The new Net neutrality rules of the U.S. Federal Communications Commission were published over the weekend to the Federal Register, the daily journal of U.S. government actions, raising the possibility of a spate of lawsuits from broadband companies that oppose the rule.
The FCC decided in a 3-2 vote in February to reclassify broadband as a regulated public utility, by invoking Title II of the Communications Act, thus prohibiting providers from selectively blocking or throttling or offering paid prioritization of Internet traffic.
The new rules apply to both fixed and mobile broadband Internet access services. They aim to regulate both services on the lines of traditional telephone companies, which are required to deliver service at "just and reasonable" rates and interconnect with each other.
Before the regulation can go into effect, a final rule must first be published in the Federal Register. The new rules, referred to as the Open Internet Order, have Monday as the effective publication date and come into effect on June 12. The FCC said in March, when it released the order, that it would become effective 60 days after its publication in the Federal Register.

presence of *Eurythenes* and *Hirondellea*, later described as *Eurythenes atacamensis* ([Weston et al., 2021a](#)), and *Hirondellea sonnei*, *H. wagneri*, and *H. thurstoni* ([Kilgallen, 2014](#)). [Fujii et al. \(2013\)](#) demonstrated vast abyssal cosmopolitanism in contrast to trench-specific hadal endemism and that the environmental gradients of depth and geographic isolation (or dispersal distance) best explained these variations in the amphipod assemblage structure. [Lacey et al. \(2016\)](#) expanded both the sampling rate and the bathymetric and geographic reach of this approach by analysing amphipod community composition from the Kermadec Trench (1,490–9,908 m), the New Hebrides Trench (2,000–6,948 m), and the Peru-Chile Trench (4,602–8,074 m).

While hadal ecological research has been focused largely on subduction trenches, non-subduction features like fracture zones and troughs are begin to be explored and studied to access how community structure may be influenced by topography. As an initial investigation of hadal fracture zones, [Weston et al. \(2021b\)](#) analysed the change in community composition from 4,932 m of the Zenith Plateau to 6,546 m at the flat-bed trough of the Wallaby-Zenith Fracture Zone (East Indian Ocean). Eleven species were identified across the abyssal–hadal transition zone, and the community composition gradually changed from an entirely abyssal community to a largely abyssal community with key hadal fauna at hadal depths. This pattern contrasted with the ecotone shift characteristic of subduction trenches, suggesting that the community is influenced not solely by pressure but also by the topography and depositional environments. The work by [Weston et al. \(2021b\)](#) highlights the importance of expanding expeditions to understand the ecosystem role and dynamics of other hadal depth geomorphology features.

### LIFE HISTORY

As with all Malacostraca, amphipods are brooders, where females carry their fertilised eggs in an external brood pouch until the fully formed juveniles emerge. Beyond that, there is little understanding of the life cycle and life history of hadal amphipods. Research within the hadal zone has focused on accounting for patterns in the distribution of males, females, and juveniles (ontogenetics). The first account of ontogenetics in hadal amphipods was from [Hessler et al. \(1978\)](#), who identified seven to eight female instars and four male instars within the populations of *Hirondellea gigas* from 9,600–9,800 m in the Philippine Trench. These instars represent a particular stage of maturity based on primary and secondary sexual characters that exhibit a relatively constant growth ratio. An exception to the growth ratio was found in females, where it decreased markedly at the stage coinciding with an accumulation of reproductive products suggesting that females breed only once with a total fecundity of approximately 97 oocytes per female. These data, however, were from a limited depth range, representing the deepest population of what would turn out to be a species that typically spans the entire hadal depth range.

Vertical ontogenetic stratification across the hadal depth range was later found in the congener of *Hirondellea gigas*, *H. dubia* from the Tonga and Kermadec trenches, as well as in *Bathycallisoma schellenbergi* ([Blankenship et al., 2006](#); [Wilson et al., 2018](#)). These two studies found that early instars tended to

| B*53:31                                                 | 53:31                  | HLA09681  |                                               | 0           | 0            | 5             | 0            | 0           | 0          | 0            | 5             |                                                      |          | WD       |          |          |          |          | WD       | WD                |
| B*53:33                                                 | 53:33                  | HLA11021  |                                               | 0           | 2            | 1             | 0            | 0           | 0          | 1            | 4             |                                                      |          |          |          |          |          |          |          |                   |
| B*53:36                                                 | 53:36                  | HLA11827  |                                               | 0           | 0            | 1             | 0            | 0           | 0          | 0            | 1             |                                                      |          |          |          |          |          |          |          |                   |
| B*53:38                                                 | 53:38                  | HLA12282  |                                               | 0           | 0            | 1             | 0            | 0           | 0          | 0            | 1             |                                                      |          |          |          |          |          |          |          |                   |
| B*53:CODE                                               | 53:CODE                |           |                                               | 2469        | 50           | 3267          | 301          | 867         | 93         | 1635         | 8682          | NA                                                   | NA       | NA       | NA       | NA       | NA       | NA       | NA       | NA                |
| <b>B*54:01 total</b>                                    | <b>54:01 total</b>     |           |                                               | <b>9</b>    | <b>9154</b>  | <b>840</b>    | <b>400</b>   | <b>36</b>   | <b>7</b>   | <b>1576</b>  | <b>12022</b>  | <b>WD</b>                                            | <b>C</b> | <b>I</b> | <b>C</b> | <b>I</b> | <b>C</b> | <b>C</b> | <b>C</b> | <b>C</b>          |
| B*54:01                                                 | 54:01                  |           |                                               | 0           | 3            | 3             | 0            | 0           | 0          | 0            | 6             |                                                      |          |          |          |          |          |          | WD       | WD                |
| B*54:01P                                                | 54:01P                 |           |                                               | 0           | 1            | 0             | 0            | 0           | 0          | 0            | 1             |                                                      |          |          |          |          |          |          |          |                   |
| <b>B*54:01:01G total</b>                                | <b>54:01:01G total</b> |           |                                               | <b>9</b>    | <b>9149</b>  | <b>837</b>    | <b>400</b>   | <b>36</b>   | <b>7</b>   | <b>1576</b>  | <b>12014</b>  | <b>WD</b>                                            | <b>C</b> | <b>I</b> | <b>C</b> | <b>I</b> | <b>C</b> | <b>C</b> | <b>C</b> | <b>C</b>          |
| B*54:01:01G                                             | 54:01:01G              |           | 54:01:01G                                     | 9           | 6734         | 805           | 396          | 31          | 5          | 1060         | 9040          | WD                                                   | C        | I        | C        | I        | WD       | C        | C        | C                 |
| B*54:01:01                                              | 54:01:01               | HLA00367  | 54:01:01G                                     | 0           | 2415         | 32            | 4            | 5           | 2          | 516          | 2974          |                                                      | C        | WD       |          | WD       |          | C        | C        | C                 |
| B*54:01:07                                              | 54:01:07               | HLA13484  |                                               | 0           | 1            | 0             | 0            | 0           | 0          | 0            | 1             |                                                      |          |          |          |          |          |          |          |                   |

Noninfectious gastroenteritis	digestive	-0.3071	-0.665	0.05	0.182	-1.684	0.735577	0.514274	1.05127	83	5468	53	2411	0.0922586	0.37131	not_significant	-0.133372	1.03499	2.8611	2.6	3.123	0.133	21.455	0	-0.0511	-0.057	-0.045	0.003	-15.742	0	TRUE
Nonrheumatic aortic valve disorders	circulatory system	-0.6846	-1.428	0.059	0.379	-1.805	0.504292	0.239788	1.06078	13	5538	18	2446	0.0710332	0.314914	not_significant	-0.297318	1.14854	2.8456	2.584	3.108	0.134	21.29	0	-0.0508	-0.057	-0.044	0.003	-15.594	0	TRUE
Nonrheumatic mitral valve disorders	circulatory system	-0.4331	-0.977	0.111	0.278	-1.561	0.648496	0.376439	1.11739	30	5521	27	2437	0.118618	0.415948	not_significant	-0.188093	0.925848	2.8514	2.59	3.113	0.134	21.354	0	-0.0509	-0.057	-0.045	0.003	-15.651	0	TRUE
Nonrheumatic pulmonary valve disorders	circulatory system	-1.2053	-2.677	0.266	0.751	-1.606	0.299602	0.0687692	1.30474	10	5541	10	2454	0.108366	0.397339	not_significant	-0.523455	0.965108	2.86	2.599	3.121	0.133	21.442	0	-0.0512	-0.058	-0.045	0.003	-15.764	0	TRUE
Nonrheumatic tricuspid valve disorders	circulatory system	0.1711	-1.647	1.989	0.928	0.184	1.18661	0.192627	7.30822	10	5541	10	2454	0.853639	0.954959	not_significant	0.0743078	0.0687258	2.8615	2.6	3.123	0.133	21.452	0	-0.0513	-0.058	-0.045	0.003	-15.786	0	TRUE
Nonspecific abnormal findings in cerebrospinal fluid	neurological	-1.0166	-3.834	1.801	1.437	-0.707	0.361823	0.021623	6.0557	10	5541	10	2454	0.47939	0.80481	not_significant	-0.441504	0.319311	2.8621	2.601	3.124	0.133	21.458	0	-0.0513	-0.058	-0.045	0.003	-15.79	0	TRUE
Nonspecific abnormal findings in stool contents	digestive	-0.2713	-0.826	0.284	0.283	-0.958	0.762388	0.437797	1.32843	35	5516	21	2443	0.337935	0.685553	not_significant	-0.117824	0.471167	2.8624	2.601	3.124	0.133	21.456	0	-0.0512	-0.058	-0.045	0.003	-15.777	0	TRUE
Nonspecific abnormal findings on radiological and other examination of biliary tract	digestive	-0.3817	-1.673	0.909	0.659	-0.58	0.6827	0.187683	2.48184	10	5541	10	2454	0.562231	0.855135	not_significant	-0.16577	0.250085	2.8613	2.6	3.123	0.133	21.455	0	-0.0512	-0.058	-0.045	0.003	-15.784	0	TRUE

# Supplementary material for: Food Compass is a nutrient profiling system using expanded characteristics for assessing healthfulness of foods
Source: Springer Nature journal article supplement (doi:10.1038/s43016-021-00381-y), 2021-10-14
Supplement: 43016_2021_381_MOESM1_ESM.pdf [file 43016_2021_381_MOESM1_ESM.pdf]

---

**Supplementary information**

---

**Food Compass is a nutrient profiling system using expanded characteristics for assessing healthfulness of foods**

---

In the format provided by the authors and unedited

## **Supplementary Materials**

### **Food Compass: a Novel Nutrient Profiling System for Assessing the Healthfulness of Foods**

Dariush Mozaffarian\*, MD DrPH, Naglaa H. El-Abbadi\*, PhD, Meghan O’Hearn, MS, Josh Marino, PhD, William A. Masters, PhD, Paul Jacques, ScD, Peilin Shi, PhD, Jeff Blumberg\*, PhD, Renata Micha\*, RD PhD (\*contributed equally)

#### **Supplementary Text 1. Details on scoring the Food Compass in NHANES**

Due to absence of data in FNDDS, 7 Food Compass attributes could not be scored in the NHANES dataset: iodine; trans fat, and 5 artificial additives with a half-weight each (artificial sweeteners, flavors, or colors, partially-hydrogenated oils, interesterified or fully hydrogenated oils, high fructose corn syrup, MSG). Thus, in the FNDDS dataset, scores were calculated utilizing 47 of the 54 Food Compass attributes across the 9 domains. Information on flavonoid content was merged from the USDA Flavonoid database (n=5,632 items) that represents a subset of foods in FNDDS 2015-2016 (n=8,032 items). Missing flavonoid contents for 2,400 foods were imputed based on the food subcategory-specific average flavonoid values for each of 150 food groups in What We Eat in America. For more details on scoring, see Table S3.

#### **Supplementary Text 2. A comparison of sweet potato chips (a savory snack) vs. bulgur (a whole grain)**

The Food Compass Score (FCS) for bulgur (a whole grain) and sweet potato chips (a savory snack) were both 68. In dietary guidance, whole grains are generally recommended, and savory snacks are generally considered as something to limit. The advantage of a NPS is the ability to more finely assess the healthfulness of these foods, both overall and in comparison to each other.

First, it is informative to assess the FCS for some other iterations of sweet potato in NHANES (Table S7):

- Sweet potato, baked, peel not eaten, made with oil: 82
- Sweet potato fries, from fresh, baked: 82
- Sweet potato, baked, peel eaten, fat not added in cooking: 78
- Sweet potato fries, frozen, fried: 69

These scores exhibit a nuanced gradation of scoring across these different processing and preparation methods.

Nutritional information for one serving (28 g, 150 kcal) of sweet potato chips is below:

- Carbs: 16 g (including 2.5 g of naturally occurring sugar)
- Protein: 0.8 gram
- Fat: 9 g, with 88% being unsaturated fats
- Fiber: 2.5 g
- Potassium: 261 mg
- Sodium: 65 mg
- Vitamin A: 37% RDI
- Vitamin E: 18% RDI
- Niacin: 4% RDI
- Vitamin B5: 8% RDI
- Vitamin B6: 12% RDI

Broadband providers have said they stand for Net neutrality principles but oppose the reclassification. Some of the providers are expected to challenge the order in court.
USTelecom (United States Telecom Association) and Internet provider Alamo Broadband filed in March lawsuits against the order, ahead of its publication in the Federal Register.
The association of broadband providers said it was filing the review petition "out of an abundance of caution" to meet the 10-day period provided for an appeal, just in case the FCC order or its declaratory ruling part was treated as final after it was released on March 12, the organization said in a filing to the U.S. Court of Appeals for the District of Columbia Circuit. If the court instead decides that the "trigger date" is 10 days after publication in the Federal Register, USTelecom said it would file an appeal at that time.
Promising a 'light-touch' regulatory framework, the FCC said it would "forbear" from a number of the provisions of Title II, rendering over 700 codified rules inapplicable. Referring to the agency's lack of "similar depth of background in the Internet traffic exchange context," as it has in last-mile broadband practices, the FCC said the order does not apply to back-end interconnection agreements among ISPs, backbone providers and Web services, but did not rule out regulating them in future.